Inside Outside was published last April; I’m hoping many of you have seen it by now.
In his illuminating interview with its creator, Lizi Boyd, Roger called Inside Outside a “lo-fi busybox of a book: sixteen wordless spreads of a child’s play and projects indoors and out, linked by the passing of the seasons and some simple die-cut windows.”
Inside Outside is wordless—rare but not unprecedented in Caldecott honorees. The child protagonist (and I call him/her that because she/he sure makes things happen, all through the book) invites the reader in on the title page just as one would welcome a visitor into one’s home—standing at the open front door, seemingly happy to have the reader’s company. The rest of the book fulfills that welcome with scenes of contented activity. And as Roger noted, both the die-cuts and the warm wanna-touch kraft paper make this a book very young readers will experience as much with their hands as with their eyes.
One of the things I most appreciate about this book is its lack of flash. The die-cuts don’t exist to wow readers with their cleverness. What they do is help connect every spread with the one after it and the one before it. The child here is never bored, always busy—but the activities and adventures are all on a very small scale. The mood throughout is one of creative productivity but also of enjoyment—the child makes a toy boat inside, then floats in the wading pool outside; builds a snowman outside with his animal friends, and then draws it, inside. Everything is connected here; that’s the point.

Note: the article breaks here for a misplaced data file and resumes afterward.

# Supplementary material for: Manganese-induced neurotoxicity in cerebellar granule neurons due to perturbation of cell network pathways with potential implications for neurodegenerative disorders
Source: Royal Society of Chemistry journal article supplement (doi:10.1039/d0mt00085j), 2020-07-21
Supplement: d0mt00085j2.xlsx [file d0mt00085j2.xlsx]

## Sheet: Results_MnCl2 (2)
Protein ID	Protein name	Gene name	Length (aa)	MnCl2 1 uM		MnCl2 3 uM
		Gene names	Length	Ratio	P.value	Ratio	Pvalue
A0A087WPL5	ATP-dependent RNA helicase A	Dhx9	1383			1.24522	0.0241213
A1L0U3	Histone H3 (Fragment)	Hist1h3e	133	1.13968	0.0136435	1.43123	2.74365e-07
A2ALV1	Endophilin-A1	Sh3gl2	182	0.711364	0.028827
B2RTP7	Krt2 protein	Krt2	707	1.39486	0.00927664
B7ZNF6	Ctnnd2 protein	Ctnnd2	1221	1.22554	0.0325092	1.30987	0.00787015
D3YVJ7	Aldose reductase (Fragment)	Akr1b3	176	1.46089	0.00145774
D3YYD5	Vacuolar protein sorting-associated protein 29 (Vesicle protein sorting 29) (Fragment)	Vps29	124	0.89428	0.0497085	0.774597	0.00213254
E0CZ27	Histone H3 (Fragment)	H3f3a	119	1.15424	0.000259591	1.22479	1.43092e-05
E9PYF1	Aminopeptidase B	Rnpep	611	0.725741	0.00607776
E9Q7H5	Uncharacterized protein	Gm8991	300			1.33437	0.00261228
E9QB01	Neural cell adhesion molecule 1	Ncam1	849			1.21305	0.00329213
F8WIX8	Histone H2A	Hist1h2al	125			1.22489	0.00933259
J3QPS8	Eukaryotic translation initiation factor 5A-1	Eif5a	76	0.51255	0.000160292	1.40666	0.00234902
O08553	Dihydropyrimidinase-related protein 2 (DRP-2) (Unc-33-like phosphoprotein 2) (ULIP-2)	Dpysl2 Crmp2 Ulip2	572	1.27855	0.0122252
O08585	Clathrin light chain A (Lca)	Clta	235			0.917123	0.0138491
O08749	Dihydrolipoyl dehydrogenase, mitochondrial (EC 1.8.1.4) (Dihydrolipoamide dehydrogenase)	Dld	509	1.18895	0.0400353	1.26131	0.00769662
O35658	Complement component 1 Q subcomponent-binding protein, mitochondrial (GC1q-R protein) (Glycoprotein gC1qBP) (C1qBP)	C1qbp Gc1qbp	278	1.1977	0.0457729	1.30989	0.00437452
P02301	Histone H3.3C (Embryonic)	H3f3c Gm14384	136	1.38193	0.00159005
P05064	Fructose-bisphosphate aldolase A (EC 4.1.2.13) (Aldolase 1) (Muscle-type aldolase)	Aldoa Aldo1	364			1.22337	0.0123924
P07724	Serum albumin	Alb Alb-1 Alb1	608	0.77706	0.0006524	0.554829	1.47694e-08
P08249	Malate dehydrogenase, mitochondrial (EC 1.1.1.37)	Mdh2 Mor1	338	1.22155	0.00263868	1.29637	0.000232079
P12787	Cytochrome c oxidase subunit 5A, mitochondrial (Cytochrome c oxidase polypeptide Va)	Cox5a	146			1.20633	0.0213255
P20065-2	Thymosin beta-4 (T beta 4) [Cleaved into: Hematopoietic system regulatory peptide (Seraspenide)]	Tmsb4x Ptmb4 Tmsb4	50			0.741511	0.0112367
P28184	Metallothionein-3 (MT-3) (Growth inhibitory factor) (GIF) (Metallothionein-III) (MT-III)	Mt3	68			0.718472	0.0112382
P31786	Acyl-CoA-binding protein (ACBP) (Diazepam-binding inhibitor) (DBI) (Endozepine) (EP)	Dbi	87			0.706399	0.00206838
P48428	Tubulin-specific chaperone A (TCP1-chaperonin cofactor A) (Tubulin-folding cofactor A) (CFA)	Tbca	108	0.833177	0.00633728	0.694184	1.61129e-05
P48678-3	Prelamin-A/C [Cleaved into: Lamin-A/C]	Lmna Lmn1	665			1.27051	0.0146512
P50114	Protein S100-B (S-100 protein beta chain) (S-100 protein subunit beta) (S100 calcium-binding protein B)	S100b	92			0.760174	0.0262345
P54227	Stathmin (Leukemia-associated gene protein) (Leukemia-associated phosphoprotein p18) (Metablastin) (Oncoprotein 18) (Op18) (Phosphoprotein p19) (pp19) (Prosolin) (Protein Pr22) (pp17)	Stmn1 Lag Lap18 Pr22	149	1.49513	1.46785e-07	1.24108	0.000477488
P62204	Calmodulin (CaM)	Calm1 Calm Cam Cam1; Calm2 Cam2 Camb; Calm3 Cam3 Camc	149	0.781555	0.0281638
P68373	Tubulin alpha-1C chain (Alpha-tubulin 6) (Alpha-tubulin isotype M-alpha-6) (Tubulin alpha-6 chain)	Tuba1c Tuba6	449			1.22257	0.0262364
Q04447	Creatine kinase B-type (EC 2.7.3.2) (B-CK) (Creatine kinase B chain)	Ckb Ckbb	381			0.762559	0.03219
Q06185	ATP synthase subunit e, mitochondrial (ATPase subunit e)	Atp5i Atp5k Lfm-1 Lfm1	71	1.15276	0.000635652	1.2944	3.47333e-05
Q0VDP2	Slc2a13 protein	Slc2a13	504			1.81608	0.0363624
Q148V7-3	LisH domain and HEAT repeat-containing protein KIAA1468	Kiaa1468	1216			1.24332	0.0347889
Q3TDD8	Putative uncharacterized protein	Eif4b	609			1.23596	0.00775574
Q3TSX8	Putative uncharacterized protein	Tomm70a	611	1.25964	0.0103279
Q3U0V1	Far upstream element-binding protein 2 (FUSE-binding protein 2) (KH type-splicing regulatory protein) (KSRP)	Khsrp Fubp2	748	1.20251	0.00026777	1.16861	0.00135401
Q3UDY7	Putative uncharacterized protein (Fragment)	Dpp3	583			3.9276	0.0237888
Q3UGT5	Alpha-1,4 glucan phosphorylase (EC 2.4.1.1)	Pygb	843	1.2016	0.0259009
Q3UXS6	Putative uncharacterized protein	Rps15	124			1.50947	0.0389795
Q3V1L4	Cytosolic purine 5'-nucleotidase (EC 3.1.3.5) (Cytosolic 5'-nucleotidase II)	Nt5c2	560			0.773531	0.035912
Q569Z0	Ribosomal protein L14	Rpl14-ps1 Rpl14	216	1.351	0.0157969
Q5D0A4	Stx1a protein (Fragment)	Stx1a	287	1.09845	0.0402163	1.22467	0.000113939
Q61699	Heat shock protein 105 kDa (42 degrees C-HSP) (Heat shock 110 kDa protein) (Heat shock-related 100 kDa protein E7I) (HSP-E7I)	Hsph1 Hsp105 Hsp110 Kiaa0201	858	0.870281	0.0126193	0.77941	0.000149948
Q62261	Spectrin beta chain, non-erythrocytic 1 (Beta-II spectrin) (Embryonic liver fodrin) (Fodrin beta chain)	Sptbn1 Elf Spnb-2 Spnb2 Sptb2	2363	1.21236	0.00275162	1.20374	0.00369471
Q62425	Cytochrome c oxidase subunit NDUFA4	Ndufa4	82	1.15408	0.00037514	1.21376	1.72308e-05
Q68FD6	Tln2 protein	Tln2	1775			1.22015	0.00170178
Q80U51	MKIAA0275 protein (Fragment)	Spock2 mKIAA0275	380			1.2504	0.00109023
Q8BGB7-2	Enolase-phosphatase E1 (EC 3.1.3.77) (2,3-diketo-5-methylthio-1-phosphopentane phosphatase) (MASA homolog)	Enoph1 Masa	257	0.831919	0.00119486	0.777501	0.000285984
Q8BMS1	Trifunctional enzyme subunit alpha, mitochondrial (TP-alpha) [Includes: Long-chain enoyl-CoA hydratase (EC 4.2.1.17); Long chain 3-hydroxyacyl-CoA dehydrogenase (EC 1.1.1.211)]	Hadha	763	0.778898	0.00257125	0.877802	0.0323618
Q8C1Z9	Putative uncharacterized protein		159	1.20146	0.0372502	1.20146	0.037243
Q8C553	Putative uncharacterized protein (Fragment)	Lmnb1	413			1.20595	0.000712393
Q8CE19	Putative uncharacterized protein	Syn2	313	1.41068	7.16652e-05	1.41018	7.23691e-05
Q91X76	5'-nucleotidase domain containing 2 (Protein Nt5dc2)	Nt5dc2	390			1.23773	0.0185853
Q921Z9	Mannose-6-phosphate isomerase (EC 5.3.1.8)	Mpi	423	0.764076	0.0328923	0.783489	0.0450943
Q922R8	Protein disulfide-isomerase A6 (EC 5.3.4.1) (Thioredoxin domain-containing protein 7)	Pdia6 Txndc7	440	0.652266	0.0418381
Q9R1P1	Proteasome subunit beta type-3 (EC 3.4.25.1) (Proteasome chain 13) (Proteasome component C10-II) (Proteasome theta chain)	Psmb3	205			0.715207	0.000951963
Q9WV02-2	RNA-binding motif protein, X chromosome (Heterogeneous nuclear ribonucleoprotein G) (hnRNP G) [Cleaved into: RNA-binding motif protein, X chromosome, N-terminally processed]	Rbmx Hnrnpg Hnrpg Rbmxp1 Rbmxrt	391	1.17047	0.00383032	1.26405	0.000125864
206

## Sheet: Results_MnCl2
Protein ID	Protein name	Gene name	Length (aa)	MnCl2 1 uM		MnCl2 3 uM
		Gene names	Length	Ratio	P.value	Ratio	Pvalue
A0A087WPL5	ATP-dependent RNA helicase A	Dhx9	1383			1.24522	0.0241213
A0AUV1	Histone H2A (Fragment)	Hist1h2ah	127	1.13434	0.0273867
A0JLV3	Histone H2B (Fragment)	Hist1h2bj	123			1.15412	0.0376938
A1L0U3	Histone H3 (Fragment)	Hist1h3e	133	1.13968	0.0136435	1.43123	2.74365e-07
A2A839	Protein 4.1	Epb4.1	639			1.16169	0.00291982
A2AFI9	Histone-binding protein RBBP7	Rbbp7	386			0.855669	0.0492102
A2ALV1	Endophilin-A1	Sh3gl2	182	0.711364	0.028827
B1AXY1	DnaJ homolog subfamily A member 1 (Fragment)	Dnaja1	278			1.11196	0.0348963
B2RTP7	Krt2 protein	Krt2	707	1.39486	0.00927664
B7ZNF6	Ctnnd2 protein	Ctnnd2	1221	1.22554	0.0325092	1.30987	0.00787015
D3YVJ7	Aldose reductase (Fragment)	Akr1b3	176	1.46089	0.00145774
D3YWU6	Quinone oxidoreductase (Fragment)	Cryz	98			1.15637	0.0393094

I found the compositions of the double-page spreads soothing despite their busy-ness: detailed without being cluttered, with the many squares and rectangles (of the doors, windows, and die-cuts) balanced by the circles of puddles, rugs, turtle, trees, etc. And the palette (as Roger and Ms. Boyd discuss in the interview) changes subtly through the seasons, yet always communicates warmth and cheerfulness.
I continue to be a bit bemused by the opening endpapers, which show a spring scene and include only one mouse, whereas the book begins and ends in winter in a nice bit of circularity, and elsewhere the (fun-to-find) mice always come in twos. Maybe some of you can help me with a justification… or just tell me “endpapers, schmendpapers.”
This is one quiet, homey, domestic, aimed-at-younger-children book. What do you think? Will it stand up to some of the bigger, louder, more elaborate books on the Caldecott committee table?